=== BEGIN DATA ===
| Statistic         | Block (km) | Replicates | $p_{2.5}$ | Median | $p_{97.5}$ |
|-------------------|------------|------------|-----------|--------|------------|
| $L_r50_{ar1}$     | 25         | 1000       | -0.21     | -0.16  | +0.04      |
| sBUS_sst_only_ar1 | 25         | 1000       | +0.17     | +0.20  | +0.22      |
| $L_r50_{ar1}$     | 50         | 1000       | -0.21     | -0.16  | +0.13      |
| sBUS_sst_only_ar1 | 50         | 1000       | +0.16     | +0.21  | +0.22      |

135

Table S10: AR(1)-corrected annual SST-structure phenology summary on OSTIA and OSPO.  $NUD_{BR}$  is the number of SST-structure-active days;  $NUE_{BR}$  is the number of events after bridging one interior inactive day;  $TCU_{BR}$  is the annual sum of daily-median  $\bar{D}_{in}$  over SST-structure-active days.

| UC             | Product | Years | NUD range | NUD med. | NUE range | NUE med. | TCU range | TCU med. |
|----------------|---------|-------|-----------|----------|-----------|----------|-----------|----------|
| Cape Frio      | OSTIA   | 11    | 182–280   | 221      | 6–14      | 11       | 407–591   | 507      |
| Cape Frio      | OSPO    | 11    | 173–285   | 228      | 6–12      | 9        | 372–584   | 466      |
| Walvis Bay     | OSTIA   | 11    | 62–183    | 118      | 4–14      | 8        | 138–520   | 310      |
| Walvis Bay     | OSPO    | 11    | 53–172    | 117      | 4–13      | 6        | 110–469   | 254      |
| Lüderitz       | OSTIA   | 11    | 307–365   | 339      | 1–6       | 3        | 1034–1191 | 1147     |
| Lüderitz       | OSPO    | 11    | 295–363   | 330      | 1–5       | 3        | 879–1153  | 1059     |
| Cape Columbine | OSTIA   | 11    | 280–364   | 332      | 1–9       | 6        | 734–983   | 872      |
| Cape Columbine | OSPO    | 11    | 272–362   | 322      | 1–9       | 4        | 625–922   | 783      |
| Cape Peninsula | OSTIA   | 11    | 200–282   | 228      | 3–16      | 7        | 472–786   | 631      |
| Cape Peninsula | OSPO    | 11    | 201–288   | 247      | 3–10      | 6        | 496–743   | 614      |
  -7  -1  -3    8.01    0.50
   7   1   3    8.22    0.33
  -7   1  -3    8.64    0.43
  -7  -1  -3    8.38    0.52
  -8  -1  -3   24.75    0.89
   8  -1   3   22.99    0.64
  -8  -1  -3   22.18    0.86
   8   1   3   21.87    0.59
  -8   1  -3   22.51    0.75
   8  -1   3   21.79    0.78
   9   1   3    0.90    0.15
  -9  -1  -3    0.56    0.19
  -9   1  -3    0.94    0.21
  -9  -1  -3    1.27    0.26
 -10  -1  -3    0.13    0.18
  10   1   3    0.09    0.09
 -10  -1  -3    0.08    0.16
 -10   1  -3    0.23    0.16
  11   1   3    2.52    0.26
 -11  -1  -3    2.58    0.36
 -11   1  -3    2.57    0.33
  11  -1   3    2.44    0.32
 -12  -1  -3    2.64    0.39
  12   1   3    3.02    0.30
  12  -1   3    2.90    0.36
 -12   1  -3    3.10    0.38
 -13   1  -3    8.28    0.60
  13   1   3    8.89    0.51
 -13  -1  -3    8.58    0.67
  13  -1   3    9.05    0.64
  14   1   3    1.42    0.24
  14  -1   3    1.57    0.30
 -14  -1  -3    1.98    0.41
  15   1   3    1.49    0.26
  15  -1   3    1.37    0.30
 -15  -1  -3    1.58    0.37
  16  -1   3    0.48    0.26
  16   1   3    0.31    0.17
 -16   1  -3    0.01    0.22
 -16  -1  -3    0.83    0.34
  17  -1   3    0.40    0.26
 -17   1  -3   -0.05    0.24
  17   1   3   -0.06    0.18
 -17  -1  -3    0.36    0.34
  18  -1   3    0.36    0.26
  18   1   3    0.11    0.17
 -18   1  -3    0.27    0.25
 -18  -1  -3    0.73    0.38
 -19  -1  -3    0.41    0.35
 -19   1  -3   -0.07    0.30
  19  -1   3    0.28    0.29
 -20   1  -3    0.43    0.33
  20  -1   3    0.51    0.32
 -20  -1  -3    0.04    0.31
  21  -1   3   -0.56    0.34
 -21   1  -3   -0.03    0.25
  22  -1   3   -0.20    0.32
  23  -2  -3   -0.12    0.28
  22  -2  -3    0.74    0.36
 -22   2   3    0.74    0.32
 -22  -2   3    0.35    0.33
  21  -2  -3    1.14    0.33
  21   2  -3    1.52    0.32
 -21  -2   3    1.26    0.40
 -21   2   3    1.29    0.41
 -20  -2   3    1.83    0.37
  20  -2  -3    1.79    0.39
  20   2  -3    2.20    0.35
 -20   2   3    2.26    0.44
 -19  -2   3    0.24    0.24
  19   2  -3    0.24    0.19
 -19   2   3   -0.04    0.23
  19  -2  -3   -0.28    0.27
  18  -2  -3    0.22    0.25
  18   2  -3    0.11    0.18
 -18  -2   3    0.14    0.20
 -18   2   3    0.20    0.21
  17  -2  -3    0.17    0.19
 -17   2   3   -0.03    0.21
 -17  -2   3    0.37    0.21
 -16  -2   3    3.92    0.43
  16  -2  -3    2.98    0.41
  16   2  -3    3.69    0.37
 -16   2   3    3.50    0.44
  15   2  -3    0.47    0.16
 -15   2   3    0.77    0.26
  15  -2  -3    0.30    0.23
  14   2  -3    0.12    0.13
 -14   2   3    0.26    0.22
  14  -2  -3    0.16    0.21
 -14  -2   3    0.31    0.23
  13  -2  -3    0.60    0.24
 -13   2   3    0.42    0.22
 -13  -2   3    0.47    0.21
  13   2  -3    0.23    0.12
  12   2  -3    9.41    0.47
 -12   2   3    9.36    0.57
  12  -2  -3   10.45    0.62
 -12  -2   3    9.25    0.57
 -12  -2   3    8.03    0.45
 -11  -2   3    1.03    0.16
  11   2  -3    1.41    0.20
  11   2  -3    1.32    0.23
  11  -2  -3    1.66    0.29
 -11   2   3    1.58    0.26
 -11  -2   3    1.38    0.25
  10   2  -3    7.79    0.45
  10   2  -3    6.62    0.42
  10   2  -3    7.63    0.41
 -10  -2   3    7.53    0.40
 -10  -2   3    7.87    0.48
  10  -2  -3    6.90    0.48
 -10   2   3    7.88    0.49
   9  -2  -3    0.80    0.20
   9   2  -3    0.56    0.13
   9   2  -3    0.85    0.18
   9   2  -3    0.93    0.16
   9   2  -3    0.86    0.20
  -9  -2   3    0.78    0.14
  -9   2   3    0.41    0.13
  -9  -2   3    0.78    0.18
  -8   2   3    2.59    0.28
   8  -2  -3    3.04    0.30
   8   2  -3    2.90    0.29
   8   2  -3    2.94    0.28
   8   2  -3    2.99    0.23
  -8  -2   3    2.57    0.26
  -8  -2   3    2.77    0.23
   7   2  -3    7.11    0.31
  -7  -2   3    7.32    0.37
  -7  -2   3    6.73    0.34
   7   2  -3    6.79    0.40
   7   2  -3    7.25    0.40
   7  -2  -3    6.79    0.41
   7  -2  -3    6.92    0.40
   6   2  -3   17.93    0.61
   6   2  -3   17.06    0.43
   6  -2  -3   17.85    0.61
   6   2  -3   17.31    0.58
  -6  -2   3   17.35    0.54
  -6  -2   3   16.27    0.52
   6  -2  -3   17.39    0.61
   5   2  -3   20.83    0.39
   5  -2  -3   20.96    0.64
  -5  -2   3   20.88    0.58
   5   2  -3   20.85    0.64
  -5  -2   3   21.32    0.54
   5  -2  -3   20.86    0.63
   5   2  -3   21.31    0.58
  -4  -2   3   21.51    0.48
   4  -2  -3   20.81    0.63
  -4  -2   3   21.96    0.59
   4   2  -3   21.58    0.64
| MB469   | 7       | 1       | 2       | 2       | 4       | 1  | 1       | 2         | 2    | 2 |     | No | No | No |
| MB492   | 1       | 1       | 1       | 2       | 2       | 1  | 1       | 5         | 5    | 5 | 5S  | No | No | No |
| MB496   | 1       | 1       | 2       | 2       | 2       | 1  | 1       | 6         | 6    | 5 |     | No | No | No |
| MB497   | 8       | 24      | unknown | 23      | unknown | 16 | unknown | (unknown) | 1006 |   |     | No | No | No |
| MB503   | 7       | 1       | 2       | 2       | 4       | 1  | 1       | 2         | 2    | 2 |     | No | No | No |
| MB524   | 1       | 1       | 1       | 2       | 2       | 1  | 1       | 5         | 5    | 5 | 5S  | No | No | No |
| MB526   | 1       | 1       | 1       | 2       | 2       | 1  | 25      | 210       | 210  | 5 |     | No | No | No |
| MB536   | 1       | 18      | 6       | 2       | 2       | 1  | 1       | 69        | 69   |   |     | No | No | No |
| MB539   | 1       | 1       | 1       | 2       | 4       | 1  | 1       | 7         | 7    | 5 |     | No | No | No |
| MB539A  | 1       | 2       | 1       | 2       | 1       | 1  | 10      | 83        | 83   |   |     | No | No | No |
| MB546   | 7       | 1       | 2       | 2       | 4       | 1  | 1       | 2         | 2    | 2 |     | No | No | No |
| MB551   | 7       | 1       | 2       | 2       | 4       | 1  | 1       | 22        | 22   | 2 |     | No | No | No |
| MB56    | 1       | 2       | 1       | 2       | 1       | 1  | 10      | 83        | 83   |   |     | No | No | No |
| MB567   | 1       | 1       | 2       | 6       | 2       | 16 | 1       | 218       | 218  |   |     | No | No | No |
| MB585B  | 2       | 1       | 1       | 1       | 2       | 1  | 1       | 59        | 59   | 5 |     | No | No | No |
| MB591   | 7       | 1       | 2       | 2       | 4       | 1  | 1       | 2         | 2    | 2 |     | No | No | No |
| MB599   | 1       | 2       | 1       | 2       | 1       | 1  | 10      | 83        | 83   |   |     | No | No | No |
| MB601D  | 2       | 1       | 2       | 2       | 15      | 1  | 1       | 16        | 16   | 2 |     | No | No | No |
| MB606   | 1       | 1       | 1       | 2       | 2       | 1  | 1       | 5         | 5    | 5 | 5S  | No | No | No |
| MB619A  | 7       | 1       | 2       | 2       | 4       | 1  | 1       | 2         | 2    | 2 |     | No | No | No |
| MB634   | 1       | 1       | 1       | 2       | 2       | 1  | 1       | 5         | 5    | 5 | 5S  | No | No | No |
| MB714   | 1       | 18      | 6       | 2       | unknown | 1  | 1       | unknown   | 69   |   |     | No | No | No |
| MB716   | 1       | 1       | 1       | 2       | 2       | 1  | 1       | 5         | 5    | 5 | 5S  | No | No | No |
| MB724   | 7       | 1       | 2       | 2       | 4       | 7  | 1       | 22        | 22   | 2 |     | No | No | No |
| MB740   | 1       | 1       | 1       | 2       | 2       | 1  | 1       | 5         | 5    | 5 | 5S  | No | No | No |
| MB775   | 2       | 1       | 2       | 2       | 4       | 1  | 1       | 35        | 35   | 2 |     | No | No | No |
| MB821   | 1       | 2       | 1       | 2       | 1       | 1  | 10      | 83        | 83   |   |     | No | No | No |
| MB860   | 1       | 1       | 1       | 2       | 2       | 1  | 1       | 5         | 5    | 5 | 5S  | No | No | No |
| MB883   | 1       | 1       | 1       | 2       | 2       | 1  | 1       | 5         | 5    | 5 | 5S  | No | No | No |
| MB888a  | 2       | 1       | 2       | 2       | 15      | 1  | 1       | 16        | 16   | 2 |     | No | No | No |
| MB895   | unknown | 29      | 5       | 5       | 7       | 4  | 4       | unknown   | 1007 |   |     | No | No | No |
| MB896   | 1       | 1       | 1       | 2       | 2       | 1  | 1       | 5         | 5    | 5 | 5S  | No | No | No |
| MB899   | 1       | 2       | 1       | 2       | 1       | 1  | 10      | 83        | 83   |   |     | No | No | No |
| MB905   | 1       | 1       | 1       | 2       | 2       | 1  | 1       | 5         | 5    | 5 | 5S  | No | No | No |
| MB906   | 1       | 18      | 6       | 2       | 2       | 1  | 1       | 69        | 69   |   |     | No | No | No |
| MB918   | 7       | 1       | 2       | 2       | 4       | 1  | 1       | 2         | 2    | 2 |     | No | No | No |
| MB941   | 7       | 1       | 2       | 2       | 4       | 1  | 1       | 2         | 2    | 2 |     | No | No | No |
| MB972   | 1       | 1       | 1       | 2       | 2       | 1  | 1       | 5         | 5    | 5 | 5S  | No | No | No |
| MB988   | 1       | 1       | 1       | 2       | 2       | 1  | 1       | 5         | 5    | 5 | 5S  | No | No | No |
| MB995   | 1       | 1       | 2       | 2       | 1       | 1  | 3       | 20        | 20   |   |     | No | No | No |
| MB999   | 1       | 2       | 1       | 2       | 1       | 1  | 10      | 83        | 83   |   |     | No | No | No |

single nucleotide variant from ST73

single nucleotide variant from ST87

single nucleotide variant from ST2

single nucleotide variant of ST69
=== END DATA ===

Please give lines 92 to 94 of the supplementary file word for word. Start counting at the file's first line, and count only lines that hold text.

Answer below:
 -19   2   3   -0.04    0.23
  19  -2  -3   -0.28    0.27
  18  -2  -3    0.22    0.25